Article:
Galway 2023: Building upon support ecosystem through scientific innovation

Recent budget changes have paved the way for Galway to become a hub for R&D and innovation

Austin Sammon, audit and advisory partner at Mazars. Picture: Corporate Photographers

The jewel in Galway’s crown is the medtech and life sciences sector. With the region accounting for 39 per cent of regional distribution and recognised for its specialisation in coronary devices and having a solid and supportive Stem education system, it’s well supported.

With over 11,000 people employed in the medtech space, Galway is punching above its weight and has embraced its position as such, said Austin Sammon, audit and advisory partner at Mazars.

“The city has embraced it, and the universities get behind it,” he said. “You go into the University of Galway or ATU, and they have designed courses to ensure that talent keeps coming through.

“That isn’t something you can pick up and move elsewhere, and that’s why the whole ecosystem backs the drive moving life sciences and pharmaceutical.”

Sammon, who represents Ireland as part of Mazars’ global board in life sciences and pharmaceuticals, says this is a massive boon for the country. It means more opportunities for the region. Having started up 18 months ago, Sammon says its efforts will be ramping up in the near future.

With the likes of Mazars, Grant Thornton and BDO in operation in Galway, it’s another entry point for FDI to come into the region. Knowing that advisers like Mazars, one of the leading firms in international audit, tax, financial advisory, outsourcing and consulting, are on the ground is of great comfort to multinational companies. When planning their next step, they can assess the lie of the land first and make more informed decisions.

“They can now get the full support here,” said Sammon. “If a company is in the States and they’re looking at Galway, suddenly they have the access to people and to structure, which is hugely important.”

“From the education system to the ecosystem, openness to manufacturing, research and development (R&D), start-ups, they’re all valuable, but all of that combined is the reason Galway is in the position it’s in.

“People can get frightened about how reliant we are on FDI, but for anyone to replicate what we’ve created here over decades, it’s very difficult to do so.”

Paul Mee, tax partner at Mazars. Picture: Corporate Photographers

That mix of companies in the region allows a great deal of resilience for the life sciences and medtech sector, which showed how robust and flexible they were during Covid-19. Also, the development of purpose-built office space in areas like Bonham Quay is a testament to Galway being an attractive place for larger FDI-type companies, said Paul Mee, tax partner at Mazars.

“There are two business innovation centres hubs in the University of Galway and ATU which are spinning out fantastic ideas,” he said. “There have been quite a few start-ups from people who have left one of the large life science or medical companies to set up their own business to create a new medical product that would be an improvement on what’s on the market.

“Quite a few of those have been extraordinarily successful:[getting their product to a point [where it can be] purchased by another entity and being serial entrepreneurs; [then] they move onto the next one.”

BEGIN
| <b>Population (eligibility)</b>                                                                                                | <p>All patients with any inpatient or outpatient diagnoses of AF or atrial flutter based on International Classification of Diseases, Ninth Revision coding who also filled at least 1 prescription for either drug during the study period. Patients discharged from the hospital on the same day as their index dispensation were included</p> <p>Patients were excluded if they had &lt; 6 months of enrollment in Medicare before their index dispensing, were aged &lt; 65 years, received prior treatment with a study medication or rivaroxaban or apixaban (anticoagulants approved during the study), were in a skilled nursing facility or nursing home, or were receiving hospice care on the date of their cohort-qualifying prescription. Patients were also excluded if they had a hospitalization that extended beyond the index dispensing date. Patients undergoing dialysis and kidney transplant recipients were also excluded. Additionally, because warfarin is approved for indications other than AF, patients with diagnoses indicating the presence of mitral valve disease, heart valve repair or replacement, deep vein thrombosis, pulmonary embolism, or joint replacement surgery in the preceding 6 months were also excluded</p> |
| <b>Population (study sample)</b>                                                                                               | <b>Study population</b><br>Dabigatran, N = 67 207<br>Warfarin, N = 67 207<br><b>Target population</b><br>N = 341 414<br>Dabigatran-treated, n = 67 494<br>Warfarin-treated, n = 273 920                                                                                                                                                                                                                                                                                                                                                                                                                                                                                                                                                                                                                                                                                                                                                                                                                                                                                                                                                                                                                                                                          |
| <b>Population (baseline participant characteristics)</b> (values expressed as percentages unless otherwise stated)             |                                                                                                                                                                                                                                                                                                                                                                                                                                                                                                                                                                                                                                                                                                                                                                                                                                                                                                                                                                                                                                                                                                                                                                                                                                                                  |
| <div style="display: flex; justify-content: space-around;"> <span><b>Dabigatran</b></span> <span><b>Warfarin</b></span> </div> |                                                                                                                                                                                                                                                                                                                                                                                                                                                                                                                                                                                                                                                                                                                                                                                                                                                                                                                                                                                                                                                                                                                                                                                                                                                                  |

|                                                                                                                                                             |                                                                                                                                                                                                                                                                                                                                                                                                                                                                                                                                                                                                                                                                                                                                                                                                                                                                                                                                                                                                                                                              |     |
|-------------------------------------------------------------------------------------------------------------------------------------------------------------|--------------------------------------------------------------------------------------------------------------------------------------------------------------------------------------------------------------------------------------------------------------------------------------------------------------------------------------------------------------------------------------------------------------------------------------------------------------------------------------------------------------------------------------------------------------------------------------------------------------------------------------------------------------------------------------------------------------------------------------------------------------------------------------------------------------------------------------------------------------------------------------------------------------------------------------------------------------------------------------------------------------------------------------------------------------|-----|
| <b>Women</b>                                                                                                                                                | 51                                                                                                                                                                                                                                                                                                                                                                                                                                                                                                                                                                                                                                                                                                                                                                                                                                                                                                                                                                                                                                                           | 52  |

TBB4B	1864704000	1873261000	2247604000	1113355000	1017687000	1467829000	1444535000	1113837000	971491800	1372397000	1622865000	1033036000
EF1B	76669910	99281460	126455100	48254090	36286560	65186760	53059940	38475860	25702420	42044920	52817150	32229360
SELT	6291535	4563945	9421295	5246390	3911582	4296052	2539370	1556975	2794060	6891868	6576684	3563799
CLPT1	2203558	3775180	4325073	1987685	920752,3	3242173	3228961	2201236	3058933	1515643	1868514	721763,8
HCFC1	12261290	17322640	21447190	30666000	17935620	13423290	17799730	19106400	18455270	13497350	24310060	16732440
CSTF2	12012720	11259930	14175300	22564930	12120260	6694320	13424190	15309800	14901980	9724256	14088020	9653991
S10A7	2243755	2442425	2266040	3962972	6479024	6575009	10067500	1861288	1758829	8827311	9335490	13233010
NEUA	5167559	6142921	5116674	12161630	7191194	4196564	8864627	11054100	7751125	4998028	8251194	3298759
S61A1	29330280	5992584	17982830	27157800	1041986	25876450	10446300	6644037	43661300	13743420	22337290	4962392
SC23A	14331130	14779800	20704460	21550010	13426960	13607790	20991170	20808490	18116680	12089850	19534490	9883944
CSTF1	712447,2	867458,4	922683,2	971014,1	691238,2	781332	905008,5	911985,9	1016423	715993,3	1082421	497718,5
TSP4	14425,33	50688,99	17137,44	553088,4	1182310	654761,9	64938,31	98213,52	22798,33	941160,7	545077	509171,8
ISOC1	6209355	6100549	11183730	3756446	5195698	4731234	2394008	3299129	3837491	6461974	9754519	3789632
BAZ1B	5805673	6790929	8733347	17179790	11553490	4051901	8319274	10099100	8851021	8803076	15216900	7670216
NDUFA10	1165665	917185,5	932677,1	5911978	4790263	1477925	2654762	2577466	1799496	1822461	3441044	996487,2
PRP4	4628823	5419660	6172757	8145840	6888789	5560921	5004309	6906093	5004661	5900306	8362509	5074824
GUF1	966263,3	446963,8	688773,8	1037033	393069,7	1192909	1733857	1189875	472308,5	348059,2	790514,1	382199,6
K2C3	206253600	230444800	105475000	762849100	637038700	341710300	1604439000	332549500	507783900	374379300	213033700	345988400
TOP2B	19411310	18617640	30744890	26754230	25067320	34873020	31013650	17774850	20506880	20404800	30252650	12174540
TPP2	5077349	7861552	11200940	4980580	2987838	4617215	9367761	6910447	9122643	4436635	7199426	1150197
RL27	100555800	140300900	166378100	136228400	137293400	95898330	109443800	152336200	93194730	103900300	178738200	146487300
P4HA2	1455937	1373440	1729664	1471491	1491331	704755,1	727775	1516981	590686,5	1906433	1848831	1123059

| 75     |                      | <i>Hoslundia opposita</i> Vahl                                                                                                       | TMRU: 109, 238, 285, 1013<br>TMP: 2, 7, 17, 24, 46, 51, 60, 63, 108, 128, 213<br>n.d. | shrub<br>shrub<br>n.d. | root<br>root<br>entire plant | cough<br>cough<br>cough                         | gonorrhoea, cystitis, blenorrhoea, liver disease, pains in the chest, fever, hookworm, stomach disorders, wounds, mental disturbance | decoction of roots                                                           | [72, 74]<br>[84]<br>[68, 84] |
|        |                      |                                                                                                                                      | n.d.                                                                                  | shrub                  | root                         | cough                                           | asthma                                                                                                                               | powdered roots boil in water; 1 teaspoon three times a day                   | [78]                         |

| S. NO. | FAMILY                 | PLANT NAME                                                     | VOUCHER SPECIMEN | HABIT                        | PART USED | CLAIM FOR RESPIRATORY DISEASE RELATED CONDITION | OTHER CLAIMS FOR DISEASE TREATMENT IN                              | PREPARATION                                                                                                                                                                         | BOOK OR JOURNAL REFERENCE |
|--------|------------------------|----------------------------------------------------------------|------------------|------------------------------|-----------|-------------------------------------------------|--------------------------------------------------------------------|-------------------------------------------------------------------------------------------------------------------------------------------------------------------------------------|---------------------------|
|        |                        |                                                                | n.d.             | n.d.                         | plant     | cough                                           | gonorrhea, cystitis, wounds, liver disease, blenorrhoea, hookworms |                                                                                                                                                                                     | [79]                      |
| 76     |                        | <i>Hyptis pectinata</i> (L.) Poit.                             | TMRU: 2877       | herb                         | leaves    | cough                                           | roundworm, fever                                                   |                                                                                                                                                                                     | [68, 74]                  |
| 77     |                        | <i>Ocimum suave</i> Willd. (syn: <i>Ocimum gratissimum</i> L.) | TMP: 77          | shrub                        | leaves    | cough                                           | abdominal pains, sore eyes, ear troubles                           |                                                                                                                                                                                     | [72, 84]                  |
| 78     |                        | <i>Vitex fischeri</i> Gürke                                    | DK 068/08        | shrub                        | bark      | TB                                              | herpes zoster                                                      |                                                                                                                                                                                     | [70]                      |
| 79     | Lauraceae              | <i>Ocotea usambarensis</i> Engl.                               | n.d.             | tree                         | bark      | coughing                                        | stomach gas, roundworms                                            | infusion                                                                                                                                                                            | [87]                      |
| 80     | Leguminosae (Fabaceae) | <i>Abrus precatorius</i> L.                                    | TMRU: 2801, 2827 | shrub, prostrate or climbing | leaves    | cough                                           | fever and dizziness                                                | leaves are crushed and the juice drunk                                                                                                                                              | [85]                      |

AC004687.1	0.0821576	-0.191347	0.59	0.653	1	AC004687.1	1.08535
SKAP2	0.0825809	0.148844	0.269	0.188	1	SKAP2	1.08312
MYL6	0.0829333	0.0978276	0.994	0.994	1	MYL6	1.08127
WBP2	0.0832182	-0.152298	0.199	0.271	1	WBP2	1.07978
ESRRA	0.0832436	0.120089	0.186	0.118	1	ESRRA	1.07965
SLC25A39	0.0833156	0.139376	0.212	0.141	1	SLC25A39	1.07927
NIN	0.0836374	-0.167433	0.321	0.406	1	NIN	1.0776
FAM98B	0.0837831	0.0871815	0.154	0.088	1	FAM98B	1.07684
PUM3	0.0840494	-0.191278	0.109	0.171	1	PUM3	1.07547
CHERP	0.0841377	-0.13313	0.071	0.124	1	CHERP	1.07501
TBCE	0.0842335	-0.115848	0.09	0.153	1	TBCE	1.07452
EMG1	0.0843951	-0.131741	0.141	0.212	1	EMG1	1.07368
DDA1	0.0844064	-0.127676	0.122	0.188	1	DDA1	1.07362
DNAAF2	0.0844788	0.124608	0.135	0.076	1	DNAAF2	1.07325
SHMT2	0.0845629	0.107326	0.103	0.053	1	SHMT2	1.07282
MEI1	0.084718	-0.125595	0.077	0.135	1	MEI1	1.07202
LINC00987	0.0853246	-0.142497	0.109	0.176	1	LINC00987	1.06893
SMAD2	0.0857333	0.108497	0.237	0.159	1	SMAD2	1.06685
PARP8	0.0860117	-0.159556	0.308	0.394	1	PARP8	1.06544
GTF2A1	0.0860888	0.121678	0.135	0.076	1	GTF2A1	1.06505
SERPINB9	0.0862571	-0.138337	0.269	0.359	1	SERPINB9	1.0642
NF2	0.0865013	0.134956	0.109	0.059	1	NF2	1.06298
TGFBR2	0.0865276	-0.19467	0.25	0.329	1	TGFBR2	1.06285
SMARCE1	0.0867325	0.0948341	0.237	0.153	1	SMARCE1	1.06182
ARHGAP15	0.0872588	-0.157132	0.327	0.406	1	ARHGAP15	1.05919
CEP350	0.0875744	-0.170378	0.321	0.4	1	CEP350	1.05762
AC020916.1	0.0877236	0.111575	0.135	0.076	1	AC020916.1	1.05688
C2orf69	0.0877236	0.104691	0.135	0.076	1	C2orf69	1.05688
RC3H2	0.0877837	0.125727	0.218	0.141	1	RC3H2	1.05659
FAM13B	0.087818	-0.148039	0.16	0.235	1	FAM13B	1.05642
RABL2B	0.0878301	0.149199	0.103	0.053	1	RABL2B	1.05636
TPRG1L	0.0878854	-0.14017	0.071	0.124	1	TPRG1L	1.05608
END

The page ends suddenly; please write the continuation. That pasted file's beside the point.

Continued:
A significant benefit for SMEs came from the recent Budget 2024 announcement, with an increase in the R&D tax credit rate from 25 per cent to 30 per cent. It will alleviate some of the risks involved when engaging in R&D development.

More importantly, the year one refundable R&D tax credit is increasing from €25,000 to €50,000, providing companies with an immediate cash-flow benefit.

“Changing the R&D tax rate is a testament to how huge a success it is in being a net contributor to the economy,” he said. “In that, it’s driving a lot of activity; you have companies servicing their R&D activities. Moving to 30 per cent is a very important marker that the government has laid down.”

This aims to create a more robust and sustainable R&D industry, especially for SMEs. Increasing the tax credit to €50,000 is a game changer for many small companies, giving them more leeway to pursue research.

“The change is very much pitched towards the smaller companies,” he said. “Getting that €50,000 is going to be very important as it doesn’t matter if your R&D expenditure comes to nothing. The key criteria is that you have a scientific or technical uncertainty you cannot resolve when you start your project.

“If you can resolve it, it will result in an improvement, be it a new product or a better way of manufacturing.”

The crucial part is that the R&D tax credit isn’t tied to success. If a company spends time on it and realises that it’s not feasible, you still get the R&D tax credit.

The tax credit represents the ability to take the leap and push towards achieving new levels of creativity in a diverse and ever-evolving sector.

The most recent stats from the CSO show that R&D development expenditure in 2021 was at €3.88 billion, with 2022 expected to be the same.

This shows how significant the industry is to Ireland’s fortunes. With its clusters of educational, economic and industrial organisations, Galway is well-placed to make the most of these opportunities. “That shows the amount of money that is being spent by Irish businesses on R&D,” he said. “[The tax credits] are really saying to create the jobs, have the bravery to spend the money on R&D.”